When a dominant party sows fear in the population, polls must overcome the fear causing preference falsification to measure voting inclinations correctly. They must give people assurances that the preferences they express will not be used against them.

DV: You introduced the concept of ‘preference falsification,’ which is often mentioned in discussions about the accuracy of different pollsters. How do you define the term?

TK: In authoritarian regimes such as Russia’s current electoral autocracy, it is risky to express views offensive to the incumbent government. Consequently, many people engage in preference falsification on sensitive political matters. In particular, some government critics keep their misgivings about the state private. They even bend over backwards to praise the government’s accomplishments in the hopes of advancing their careers and gaining the right to be left alone. But what people say in public may not mirror what they really believe, know, and feel.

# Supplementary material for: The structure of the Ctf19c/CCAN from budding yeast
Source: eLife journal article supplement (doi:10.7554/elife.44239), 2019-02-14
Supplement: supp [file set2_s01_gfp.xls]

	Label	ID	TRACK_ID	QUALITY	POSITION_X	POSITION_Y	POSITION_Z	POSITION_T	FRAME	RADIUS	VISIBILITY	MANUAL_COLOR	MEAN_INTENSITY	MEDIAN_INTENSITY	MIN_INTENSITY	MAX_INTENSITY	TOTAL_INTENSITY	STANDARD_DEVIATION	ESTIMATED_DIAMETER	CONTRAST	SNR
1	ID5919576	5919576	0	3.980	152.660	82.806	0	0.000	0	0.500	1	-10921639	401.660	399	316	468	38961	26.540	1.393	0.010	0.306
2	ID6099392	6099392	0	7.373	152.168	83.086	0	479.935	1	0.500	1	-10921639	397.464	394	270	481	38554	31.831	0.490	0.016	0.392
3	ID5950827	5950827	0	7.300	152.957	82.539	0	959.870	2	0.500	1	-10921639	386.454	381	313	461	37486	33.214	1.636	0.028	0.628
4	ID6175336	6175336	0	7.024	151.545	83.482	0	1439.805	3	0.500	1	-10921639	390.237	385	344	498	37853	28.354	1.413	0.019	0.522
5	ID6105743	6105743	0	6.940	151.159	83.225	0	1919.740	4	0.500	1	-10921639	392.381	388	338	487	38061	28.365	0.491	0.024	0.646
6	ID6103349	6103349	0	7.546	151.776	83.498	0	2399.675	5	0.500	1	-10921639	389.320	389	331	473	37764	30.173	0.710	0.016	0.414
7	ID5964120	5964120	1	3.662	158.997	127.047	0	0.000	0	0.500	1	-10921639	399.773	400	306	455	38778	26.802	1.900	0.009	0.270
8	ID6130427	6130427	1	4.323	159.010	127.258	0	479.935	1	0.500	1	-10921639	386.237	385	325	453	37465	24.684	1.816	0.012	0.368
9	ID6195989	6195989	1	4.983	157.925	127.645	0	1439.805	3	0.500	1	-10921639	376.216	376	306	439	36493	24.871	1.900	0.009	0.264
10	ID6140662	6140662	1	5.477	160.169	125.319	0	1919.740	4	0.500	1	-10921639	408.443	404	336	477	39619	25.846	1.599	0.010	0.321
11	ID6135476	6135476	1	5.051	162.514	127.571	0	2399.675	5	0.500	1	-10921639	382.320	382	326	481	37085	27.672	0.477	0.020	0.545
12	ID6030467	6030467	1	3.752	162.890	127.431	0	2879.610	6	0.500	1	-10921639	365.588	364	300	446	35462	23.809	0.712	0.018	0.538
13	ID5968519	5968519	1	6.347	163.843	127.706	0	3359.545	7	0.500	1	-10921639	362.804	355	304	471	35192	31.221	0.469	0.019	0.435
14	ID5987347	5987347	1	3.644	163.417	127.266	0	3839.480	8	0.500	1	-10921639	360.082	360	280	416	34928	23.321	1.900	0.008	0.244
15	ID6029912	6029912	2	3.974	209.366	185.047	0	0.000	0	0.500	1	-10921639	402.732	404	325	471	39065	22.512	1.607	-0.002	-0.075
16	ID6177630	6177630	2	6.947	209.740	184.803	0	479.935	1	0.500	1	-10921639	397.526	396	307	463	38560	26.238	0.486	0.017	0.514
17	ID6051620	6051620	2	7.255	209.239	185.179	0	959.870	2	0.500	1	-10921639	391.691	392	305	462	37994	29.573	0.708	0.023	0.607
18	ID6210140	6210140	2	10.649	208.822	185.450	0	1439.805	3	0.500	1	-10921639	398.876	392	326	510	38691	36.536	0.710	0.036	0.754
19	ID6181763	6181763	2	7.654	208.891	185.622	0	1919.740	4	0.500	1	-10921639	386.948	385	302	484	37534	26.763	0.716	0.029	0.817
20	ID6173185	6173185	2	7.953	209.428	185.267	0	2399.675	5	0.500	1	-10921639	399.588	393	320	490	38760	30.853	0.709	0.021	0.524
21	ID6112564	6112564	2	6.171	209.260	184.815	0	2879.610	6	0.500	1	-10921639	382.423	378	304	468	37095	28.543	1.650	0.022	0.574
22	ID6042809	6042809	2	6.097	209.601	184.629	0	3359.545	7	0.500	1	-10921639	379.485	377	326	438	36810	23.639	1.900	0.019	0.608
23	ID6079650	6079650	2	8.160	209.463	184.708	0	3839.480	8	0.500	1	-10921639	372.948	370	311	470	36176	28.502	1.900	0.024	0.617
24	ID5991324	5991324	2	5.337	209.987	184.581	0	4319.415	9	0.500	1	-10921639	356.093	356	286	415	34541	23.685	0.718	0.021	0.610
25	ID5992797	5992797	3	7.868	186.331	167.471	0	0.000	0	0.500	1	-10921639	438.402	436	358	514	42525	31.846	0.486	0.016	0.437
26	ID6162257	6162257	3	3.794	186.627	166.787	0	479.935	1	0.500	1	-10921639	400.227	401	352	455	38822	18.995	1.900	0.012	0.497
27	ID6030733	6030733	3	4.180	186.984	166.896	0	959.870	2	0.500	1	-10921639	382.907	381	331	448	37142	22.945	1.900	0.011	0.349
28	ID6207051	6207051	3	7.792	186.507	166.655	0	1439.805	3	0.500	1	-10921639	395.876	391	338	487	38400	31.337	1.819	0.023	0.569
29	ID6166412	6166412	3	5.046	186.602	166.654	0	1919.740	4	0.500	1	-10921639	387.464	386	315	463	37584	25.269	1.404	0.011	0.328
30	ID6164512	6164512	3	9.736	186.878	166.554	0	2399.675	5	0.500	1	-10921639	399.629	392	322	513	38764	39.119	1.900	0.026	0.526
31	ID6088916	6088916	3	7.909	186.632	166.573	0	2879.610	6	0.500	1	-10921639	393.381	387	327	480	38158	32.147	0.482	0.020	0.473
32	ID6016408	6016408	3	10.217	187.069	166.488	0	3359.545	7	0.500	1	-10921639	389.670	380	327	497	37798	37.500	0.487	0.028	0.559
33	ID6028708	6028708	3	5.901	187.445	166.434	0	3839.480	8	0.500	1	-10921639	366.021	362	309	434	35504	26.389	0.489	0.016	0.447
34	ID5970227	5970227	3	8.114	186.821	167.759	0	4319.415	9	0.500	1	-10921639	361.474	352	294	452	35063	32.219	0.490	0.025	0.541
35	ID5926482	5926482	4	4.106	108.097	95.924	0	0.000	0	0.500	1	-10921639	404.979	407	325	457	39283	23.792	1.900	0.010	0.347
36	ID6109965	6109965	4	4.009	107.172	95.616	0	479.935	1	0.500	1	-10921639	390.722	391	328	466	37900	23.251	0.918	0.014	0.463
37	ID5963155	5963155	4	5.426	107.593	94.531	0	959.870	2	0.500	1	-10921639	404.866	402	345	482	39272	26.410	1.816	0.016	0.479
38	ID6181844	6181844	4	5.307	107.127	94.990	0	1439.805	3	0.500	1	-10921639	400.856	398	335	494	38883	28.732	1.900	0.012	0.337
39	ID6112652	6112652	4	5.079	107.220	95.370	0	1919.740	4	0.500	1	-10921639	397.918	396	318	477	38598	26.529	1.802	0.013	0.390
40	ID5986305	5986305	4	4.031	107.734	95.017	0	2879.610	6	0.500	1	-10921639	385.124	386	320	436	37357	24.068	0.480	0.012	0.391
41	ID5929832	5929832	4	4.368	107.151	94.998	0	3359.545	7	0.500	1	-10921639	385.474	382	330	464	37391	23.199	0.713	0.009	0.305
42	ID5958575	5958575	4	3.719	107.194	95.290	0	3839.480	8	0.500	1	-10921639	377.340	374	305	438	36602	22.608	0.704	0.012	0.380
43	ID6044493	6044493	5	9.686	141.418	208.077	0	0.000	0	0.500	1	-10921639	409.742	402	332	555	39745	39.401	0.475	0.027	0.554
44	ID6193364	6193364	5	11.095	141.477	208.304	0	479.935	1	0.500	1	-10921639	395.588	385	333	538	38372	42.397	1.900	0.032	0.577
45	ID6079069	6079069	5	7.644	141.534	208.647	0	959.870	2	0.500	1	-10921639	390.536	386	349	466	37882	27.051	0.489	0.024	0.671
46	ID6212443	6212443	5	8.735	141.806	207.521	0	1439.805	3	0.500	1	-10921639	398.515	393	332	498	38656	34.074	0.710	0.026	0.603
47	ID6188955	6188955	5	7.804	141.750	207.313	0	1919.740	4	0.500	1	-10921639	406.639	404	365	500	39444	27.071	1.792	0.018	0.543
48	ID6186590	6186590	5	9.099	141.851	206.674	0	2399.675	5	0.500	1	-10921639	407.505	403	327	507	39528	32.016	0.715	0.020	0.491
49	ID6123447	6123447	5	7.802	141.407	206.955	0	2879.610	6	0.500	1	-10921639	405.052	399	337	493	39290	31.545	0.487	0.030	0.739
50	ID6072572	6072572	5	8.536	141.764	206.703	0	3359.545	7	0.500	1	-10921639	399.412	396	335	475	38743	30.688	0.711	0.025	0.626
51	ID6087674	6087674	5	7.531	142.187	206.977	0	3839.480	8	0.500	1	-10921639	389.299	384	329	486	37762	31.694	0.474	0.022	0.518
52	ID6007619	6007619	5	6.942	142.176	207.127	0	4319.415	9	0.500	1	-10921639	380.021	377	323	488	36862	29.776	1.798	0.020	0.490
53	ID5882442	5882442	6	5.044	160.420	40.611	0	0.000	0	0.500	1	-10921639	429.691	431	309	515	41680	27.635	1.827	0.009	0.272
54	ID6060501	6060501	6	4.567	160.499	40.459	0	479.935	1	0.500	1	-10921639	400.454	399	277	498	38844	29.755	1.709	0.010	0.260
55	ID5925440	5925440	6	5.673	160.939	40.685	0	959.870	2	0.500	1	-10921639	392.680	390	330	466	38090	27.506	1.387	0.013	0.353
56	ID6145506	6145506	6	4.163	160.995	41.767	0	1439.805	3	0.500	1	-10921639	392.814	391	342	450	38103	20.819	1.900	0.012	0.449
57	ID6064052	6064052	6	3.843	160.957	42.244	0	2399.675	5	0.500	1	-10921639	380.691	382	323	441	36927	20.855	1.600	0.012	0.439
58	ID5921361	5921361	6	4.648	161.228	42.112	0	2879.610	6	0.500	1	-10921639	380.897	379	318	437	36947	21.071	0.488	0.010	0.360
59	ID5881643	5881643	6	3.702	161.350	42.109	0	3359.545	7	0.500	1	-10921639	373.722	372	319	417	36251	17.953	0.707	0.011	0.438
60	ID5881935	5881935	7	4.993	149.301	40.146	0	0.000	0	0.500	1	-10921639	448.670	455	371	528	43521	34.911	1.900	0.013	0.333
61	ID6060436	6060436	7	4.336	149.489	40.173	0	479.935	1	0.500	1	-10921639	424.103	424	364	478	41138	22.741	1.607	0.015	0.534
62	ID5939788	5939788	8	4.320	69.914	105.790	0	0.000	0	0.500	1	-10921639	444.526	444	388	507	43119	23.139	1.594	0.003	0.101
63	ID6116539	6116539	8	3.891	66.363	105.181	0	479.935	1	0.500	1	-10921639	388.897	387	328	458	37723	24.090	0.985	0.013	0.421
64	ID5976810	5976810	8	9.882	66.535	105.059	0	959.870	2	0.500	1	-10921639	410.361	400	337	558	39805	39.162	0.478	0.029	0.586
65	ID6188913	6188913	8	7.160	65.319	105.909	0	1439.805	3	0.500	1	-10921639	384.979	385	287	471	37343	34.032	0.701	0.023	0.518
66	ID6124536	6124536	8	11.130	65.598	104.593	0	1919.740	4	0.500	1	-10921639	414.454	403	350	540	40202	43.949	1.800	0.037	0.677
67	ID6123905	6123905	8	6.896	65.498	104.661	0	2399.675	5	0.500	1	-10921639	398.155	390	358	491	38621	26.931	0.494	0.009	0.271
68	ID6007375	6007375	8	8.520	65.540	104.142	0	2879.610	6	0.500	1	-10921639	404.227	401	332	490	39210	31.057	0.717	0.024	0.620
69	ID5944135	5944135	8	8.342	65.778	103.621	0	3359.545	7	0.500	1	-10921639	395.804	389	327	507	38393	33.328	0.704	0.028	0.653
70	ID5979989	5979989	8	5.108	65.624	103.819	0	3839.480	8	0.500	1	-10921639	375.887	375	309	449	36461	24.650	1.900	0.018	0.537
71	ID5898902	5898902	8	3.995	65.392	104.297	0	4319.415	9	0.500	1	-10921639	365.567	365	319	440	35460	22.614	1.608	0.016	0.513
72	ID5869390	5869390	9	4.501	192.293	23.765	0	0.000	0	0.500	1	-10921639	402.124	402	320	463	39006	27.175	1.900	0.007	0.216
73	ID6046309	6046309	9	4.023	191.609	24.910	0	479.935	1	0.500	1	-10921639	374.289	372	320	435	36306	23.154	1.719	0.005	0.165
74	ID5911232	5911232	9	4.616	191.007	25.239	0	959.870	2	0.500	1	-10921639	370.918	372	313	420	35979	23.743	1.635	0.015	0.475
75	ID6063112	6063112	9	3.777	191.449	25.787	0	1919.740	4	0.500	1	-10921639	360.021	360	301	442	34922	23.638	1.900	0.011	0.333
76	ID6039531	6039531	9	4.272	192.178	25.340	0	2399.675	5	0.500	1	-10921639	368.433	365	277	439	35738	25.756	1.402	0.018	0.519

DV: How does this work exactly?

TK: First, let’s focus on the choices of the media and intellectuals. An atmosphere of repression leads to preference falsification among opinion leaders, including media personalities, media bosses, and public intellectuals. Their public opinions are far more favorable toward the government than their private opinions (those that they share only with close friends). Self-censorship, censorship, and deliberate pandering ensure that the mass media contain mostly facts and arguments favorable to the government. Critical viewpoints and data unfavorable to the government tend to be confined to publications and TV programs that appeal only to intellectuals themselves. In the context of modern Russia, people with access to critical viewpoints include speakers of a foreign language, people who follow social media in multiple languages, and those with access to foreign news sources and intellectual ideas. Such groups have access to sources of information that are not subject to the social pressures of a specific country.